Mother-and-a-ChildThe mother and child reunion

Whilst the basic human values of love, truth, non-violence, peace and right conduct are changeless and timeless, there is no doubt that there has been a value shift over the years in our society.

Cultural values have been influenced if not eroded by forces that include affluence, power dynamics between men and women, extension of parental roles and the emotional pressures that come with divorce and separation.

This value shift has brought upon communities the need to redefine inheritance laws and other family related issues.

Let me take you to this week’s customary court scenario that illustrates how the desire for a sense of identity can threaten even the steely bond between a mother and son.


Wantlha was a well to do high achiever whose life ran smoothly until the day some troubles over culture erupted and kicked him below the belt. 

He was by appearance not one of the usual candidates for the Kgotla set up, but he made it clear that he desperately needed help concerning some traditional issues that needed to be unraveled.

He told the court that he was born of the union between Mmatli and Sentsho who were married for about two years.

It emerged that Wantlha’s parents got locked into a very painful and bitter divorce that had left his mother so scarred that whenever Wantlha dared to make reference to Sentsho she would make sure the subject was changed.

Mum had moved on with her life and married husband number two who legally adopted Wantlha as his own son and even changed Wantlha’s surname to his own.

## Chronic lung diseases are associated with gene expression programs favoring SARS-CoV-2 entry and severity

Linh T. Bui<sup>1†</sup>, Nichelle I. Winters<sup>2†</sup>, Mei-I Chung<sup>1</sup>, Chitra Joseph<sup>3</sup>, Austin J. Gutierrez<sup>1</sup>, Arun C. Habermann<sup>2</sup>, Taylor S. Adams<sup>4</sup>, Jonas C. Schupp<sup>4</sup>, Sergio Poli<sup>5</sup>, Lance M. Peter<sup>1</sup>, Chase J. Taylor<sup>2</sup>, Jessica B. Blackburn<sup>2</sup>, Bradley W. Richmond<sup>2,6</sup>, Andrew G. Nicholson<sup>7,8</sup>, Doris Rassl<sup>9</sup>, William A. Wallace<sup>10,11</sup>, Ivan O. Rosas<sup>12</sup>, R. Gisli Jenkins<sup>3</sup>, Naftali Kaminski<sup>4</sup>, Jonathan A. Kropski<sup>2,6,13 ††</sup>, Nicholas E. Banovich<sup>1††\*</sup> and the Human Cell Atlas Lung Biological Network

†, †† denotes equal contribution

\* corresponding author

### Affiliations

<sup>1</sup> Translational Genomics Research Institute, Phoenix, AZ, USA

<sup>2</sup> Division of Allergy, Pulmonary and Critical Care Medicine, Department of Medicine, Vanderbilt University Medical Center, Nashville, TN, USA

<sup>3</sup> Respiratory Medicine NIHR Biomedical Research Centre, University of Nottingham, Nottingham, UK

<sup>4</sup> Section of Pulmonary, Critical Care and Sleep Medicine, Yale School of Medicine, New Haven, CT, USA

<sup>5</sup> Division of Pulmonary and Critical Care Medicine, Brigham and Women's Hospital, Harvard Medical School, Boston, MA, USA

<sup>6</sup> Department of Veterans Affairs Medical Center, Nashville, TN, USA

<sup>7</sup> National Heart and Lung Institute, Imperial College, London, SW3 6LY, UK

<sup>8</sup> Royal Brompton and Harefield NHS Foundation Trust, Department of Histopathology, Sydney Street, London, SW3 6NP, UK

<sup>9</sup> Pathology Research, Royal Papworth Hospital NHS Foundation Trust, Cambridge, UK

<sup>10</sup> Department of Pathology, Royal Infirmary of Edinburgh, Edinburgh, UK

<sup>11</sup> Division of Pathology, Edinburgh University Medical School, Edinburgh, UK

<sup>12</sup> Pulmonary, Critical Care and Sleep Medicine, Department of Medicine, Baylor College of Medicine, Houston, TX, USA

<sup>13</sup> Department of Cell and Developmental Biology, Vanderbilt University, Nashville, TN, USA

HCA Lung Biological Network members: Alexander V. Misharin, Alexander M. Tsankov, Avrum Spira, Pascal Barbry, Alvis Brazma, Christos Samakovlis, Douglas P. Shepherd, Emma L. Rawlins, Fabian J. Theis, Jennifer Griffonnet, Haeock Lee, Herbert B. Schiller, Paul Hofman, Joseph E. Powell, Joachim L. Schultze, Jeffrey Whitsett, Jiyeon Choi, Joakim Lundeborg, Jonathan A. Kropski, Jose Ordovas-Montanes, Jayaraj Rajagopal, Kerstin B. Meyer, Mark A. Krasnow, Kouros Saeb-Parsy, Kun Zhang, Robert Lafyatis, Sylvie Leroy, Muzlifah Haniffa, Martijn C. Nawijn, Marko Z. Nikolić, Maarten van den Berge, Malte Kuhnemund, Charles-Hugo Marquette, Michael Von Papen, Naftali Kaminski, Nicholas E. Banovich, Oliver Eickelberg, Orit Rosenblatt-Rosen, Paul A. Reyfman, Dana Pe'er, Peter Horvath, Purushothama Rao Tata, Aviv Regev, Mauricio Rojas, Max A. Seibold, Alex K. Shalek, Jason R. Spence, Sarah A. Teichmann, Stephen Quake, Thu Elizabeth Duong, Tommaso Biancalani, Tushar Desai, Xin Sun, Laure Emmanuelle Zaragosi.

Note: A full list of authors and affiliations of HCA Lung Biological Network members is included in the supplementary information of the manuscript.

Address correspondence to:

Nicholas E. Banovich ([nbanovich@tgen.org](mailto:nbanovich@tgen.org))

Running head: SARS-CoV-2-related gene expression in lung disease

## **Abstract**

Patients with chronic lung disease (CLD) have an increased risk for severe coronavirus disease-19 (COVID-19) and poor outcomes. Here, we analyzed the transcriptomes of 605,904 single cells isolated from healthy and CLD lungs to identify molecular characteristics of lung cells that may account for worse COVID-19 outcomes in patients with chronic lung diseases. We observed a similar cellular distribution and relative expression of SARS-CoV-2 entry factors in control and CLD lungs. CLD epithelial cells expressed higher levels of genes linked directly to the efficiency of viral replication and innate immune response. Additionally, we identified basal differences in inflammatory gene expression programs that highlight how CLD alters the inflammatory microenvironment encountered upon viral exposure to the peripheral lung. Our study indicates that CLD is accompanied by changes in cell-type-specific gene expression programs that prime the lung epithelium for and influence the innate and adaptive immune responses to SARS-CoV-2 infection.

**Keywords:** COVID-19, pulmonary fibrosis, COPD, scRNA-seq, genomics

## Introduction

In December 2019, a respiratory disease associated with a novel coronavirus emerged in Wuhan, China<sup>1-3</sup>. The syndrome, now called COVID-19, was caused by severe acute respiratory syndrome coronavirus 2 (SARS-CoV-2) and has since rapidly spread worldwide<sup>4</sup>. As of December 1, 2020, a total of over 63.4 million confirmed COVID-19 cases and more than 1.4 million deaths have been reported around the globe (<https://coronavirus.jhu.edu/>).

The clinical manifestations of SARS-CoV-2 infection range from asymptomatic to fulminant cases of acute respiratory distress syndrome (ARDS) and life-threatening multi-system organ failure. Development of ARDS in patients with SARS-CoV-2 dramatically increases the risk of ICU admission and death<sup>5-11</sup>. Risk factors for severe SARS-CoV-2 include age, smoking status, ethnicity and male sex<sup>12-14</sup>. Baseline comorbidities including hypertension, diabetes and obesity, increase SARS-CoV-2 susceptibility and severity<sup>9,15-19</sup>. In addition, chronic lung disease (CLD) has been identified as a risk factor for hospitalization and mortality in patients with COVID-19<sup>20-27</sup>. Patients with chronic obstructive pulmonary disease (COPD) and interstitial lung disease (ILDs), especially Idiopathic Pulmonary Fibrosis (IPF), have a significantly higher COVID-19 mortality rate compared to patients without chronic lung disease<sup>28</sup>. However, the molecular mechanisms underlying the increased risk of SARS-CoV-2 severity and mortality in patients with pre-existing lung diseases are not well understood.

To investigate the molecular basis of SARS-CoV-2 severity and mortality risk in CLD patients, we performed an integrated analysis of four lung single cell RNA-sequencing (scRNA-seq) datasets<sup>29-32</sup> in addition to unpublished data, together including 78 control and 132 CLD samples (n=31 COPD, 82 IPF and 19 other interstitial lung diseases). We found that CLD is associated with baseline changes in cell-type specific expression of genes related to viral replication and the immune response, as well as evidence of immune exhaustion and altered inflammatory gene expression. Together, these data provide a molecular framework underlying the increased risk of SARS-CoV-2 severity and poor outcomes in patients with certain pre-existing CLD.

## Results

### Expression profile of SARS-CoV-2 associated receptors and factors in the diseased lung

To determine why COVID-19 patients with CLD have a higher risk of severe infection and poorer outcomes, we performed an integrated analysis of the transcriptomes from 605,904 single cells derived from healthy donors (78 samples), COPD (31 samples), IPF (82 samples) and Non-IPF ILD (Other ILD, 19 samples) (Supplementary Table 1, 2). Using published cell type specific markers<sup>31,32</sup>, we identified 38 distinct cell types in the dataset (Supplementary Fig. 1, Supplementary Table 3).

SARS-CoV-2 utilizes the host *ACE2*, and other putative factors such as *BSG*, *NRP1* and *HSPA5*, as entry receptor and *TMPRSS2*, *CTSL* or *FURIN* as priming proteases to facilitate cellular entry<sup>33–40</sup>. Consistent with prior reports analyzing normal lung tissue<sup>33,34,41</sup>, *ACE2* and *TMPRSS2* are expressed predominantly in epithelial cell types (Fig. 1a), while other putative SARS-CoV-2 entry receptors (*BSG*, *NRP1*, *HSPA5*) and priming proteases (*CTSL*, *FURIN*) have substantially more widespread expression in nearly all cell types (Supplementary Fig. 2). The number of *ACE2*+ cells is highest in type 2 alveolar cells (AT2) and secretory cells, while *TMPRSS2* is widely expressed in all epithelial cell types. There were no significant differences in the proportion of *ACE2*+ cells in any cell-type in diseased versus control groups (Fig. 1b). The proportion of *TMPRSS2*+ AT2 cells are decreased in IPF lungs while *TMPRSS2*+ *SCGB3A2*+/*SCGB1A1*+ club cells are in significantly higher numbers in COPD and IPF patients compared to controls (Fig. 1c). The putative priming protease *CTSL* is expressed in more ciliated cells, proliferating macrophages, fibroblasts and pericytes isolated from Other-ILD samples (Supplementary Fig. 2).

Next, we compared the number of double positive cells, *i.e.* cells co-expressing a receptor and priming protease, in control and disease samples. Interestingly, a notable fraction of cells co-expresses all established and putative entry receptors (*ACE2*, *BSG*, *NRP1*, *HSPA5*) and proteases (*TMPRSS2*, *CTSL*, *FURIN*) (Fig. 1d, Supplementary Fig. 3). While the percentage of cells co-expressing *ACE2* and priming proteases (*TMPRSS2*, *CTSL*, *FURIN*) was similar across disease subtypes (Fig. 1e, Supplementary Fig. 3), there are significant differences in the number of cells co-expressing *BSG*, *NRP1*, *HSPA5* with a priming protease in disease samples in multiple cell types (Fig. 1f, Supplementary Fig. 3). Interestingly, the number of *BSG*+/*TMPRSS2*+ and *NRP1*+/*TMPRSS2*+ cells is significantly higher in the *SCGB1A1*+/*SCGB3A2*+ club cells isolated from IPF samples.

None of this had meant much to Wantlhain his early youth, but just about at the time he was finishing his tertiary education he had an encounter with individuals who claimed to be related to him through his biological father.

These newly discovered relatives from Sentsho’s family were so welcoming and loving that Wantlha somehow got attracted to them.

The young man was very careful not to mention to his mother that he had discovered a set of new relatives from his father’s family.

As fate would have it Sentsho died soon after and it was the ‘secret’ cousin who informed Wantlhaof his dad’s passing.

Sentsho had never remarried and it turned out that he had named Wantlha as the sole heir to his estate, even though he had had no contact with his son.

These developments did not escape the curious ear of Mmatli and she took it upon herself to warn her son not to have anything to do with Sentsho or his relatives, describing them as evil vultures whose only interest was to reap where they had not sown.

Although he had no wishto hurt his loving mother, he had developed a strong desire to explore his roots.

He was now caught in a crisis of identity and emotion as some of Sentsho’s relatives openly advocated that heshould reject his adoptive father if he was to inherit their brother’s estate that included a farm, guns, boreholes and a sizeable stock of cattle and goats.

For Wantlhathe issue was less about the inheritance of a massive estate, but more about the desire to identify with Sentsho, who was not just a biological father but also the man who had married his mother.

Although he was troubled by his mother’s insistence that he had nothing to do with his father’s issues, he did not express his feelings as he also had a debt of gratitude to Mmatli and his stepfather for his upbringing.

He was however aware that his father’s family had taken a loving interest in him because he was Sentsho only child and they were looking to him as the “seed” that according to Setswana culture is described as “keyonepeoyamoswi” (the offshoot of the dead tree).